A well-developed mixing strategy is essential to production efficiency. Ideally, mixing equipment and procedures are evaluated periodically, as production needs change or when new formulations come through the pipeline. However, mixing is often overlooked in terms of upgrades, at least until it becomes a source of drastic losses whether because of low yield, recurring contamination, inconsistent product quality or excessive labor hours. 

In mixing, it is not too difficult to find “something that works.” Yet, while there may be several ways to make good product, not all are efficient, competitive or even sustainable. Limitations in capital expenditure and overreliance on legacy equipment are common obstacles that keep processes stagnant for years and decades even as various aspects of the business are constantly undergoing significant changes. The irony is that a careful re-evaluation of mixing procedures can reveal achievable steps to significantly reduce costs. 

One technique is to examine the entire production flow and determine if multiple mixing operations can be performed in a single machine without sacrificing product quality. One major benefit to “one-pot processing” is the reduction of energy consumption though many other incentives are equally justifiable including faster throughput, easier cleanup, less transfer steps and lower
operating cost. 

Table 1 shows a few examples where multiple mixing steps were successfully consolidated into a single mixer. In each case, the simplified mixing operation gained tremendous competitive advantage for the manufacturer.


Mixing operation steps

Table 1. Examples of multiple mixing steps consolidated with a single mixer.

Multishaft mixer

Figure 1. Multishaft mixer equipped with three independently driven agitators: three-wing anchor, high-speed disperser and high-shear rotor/stator mixer. This configuration is well-suited for medium- to high-viscosity applications such as slurries, pastes and suspensions up to several hundred thousand centipoise (cP). All graphics courtesy of Charles Ross & Son Company

Planetary disperser

Figure 2. Planetary disperser used for highly filled viscous products up to around 2 million cP. The rectangular stirrer blade and high-speed disperser revolve around the batch while rotating on their own axes at variable speeds.


A batch-style, ultra-high shear mixer

Figure 3. A batch-style, ultra-high shear mixer capable of reducing measured particle size comparable to one or two passes through a media mill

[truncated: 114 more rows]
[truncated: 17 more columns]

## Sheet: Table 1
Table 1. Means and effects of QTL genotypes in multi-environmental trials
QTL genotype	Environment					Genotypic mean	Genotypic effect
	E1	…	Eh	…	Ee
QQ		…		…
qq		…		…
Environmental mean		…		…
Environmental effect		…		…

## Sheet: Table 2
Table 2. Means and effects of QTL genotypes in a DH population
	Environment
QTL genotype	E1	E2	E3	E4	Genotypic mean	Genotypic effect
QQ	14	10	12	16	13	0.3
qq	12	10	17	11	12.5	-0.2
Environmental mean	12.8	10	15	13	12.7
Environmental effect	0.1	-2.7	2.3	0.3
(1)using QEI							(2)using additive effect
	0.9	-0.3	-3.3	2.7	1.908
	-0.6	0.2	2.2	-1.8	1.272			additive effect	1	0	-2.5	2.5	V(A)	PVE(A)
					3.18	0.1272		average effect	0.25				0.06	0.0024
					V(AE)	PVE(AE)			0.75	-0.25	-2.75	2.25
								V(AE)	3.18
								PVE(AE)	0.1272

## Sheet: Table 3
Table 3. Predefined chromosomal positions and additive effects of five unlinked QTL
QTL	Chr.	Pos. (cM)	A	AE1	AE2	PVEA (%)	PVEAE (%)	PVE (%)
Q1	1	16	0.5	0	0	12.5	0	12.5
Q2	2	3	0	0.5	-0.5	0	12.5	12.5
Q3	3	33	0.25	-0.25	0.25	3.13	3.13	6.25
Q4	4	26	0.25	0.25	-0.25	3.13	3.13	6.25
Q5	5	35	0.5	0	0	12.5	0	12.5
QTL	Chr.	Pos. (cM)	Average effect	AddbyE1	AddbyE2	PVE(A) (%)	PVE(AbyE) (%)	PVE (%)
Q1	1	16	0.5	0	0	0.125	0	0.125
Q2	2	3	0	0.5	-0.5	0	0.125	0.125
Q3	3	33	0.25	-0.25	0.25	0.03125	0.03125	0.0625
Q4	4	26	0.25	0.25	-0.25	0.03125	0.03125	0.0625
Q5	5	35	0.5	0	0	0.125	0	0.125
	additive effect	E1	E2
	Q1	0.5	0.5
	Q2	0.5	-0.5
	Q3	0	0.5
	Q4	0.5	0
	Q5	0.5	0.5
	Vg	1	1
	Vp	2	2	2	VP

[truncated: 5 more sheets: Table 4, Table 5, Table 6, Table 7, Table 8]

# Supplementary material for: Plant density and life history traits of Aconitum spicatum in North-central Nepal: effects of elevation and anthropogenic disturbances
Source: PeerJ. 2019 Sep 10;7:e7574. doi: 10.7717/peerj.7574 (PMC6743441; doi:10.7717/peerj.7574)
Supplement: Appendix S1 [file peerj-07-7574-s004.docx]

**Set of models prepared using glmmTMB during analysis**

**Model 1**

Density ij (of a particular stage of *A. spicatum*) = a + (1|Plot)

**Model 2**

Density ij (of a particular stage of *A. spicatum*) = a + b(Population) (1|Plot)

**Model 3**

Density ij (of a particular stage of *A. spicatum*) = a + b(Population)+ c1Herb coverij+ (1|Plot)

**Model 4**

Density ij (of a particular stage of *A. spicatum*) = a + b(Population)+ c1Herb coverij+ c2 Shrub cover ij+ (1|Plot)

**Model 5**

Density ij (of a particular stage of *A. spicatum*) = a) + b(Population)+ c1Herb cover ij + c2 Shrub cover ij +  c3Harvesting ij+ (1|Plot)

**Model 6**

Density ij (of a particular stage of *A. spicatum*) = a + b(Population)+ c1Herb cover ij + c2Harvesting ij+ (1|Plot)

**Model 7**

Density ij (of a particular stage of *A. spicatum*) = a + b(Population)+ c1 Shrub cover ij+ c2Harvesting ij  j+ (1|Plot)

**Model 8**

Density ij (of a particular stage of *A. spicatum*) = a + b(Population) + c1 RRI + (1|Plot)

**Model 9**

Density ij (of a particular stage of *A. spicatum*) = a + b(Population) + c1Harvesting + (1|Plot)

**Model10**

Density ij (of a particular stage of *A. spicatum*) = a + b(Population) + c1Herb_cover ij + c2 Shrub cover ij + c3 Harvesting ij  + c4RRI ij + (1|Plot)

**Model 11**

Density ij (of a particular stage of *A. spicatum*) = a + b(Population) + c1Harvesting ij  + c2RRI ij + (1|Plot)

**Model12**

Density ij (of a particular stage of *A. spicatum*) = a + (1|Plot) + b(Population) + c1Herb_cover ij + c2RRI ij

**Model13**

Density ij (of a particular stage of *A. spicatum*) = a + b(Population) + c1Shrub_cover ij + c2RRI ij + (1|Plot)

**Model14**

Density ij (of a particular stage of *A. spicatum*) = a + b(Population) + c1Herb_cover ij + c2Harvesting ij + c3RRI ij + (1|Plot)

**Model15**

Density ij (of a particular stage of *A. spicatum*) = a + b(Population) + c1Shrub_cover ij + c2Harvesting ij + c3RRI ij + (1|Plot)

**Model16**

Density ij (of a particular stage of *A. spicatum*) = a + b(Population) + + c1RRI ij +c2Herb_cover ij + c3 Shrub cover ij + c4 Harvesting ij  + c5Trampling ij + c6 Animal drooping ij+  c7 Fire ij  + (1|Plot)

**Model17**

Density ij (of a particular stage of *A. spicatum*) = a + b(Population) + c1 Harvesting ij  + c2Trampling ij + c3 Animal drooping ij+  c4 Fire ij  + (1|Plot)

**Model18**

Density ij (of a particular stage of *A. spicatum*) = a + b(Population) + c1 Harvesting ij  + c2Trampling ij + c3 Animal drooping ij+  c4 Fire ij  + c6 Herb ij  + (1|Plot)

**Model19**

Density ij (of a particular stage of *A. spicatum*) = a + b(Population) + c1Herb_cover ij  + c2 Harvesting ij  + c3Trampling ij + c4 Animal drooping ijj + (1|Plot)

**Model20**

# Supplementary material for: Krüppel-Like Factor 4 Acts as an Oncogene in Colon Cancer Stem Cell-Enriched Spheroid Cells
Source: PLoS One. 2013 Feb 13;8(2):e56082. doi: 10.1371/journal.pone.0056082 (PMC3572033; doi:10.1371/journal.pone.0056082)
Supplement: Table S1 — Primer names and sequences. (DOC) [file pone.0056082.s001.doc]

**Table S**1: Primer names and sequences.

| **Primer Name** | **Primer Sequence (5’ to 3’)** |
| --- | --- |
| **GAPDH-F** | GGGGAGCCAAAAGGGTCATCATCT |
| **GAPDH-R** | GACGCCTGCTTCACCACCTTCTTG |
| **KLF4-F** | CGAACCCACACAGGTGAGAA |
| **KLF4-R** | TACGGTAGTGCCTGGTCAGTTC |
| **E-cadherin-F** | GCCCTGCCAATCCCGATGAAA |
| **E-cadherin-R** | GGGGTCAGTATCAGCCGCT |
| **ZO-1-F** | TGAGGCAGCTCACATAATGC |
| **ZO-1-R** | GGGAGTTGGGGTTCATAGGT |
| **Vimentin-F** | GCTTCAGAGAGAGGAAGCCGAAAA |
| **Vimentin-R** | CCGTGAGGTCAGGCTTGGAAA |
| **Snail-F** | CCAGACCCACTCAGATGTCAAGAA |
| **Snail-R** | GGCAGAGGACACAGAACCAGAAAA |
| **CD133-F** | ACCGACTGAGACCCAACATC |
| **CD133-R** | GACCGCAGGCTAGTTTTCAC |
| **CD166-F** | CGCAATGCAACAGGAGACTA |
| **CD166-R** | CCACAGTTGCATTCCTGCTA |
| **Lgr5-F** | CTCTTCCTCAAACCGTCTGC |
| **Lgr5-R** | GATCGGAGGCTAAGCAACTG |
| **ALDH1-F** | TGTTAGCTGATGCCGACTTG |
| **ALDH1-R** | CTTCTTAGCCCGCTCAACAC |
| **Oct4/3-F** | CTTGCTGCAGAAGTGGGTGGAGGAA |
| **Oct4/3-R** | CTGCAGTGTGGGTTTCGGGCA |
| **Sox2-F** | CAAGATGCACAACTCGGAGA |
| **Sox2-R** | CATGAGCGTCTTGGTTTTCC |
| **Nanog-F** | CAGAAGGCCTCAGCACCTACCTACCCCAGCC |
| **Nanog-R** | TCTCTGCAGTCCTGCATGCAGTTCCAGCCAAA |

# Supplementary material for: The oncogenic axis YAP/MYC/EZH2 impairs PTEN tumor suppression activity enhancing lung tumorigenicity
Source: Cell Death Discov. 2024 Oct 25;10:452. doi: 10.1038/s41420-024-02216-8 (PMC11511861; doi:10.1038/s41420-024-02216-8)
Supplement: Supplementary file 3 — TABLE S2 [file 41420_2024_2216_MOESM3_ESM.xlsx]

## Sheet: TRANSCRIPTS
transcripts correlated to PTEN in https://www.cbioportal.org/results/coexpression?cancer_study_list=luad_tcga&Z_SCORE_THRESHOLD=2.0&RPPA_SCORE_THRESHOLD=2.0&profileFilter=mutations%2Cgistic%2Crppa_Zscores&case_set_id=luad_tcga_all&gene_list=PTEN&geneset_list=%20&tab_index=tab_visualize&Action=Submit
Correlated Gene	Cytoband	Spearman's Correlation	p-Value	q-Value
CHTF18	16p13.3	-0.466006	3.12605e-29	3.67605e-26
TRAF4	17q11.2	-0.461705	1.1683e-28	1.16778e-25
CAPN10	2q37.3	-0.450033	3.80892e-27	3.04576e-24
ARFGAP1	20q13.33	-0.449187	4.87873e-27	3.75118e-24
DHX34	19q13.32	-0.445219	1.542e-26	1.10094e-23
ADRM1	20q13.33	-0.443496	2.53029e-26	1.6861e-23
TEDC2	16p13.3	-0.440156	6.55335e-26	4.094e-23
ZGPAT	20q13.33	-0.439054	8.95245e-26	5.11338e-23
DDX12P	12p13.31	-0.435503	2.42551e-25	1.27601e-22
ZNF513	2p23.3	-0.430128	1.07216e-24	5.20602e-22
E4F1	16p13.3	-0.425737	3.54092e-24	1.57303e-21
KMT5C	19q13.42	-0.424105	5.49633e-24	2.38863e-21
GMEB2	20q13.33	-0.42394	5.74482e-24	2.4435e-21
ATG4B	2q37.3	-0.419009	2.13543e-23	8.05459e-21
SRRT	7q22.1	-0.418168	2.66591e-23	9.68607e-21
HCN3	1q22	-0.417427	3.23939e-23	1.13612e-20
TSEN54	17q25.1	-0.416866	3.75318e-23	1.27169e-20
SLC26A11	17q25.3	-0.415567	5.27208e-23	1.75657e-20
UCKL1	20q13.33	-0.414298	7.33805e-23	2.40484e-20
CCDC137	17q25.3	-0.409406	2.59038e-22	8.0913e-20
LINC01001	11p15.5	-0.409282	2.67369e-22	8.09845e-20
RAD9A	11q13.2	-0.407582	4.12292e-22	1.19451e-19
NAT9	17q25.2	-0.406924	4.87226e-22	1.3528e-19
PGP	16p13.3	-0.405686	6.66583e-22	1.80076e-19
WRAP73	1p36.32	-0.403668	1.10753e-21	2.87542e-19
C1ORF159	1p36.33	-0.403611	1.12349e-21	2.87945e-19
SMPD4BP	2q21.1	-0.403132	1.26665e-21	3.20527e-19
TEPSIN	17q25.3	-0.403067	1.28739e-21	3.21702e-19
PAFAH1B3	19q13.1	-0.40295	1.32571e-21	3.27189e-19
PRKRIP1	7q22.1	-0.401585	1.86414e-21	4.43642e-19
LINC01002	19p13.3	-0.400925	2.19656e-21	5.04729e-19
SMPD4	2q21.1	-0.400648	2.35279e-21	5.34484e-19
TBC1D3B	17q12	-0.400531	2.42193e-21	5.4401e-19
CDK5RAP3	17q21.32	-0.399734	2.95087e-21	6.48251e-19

All-stainless steel laboratory double-planetary mixer.

Figure 4. All-stainless steel laboratory double-planetary mixer. When equipped with high viscosity (“HV”) Blades (US Patent No. 6,652,137), a double-planetary mixer as shown can efficiently handle thick formulations up to 6 million cP or more. This mixer type is also recommended for many shear-sensitive and abrasive materials.

Inline rotor/stator mixer designed for high-speed powder induction

Figure 5. Inline rotor/stator mixer designed for high-speed powder induction

How a powder induction mixer works. Mixing operation

Figure 6. How a powder induction mixer works: The liquid stream (blue) enters the mixer and immediately encounters the powder addition. Drawn by a powerful vacuum generated by the ported rotor, powders (yellow) are injected directly into the high-shear zone and dispersed instantaneously. The resulting mixture (green) is expelled centrifugally through the stator openings at high velocity.


It is important to note that mixing results are always formulation-dependent. Whenever practical, perform simulation trials using your own raw materials to confirm a new mixing strategy. Ask your mixer supplier about testing and demonstration services or rental equipment, which you can use for trial production runs in the convenience of your own plant.

Lastly, a mixer’s control system plays an important role in optimizing overall efficiency. A well-specified control system minimizes human errors, improves batch-to-batch consistency and lessens downtimes. Recipe controls also enable automatic data logging. Supervisory control and data acquisition (SCADA) packages support complete traceability and make it easier to pool statistical information on workloads, bottlenecks and maintenance history. Source both mixer and controls from the same vendor to ensure seamless execution.  

Christine Banaszek is the sales manager at Charles Ross & Son Company, manufacturer of specialty mixing and blending equipment. As an application engineer at the corporate headquarters in Hauppauge, New York, she has worked at the Ross Test & Development Center and published many articles and white papers in mixing and blending technologies, applications and best practices. She holds a degree in chemical engineering.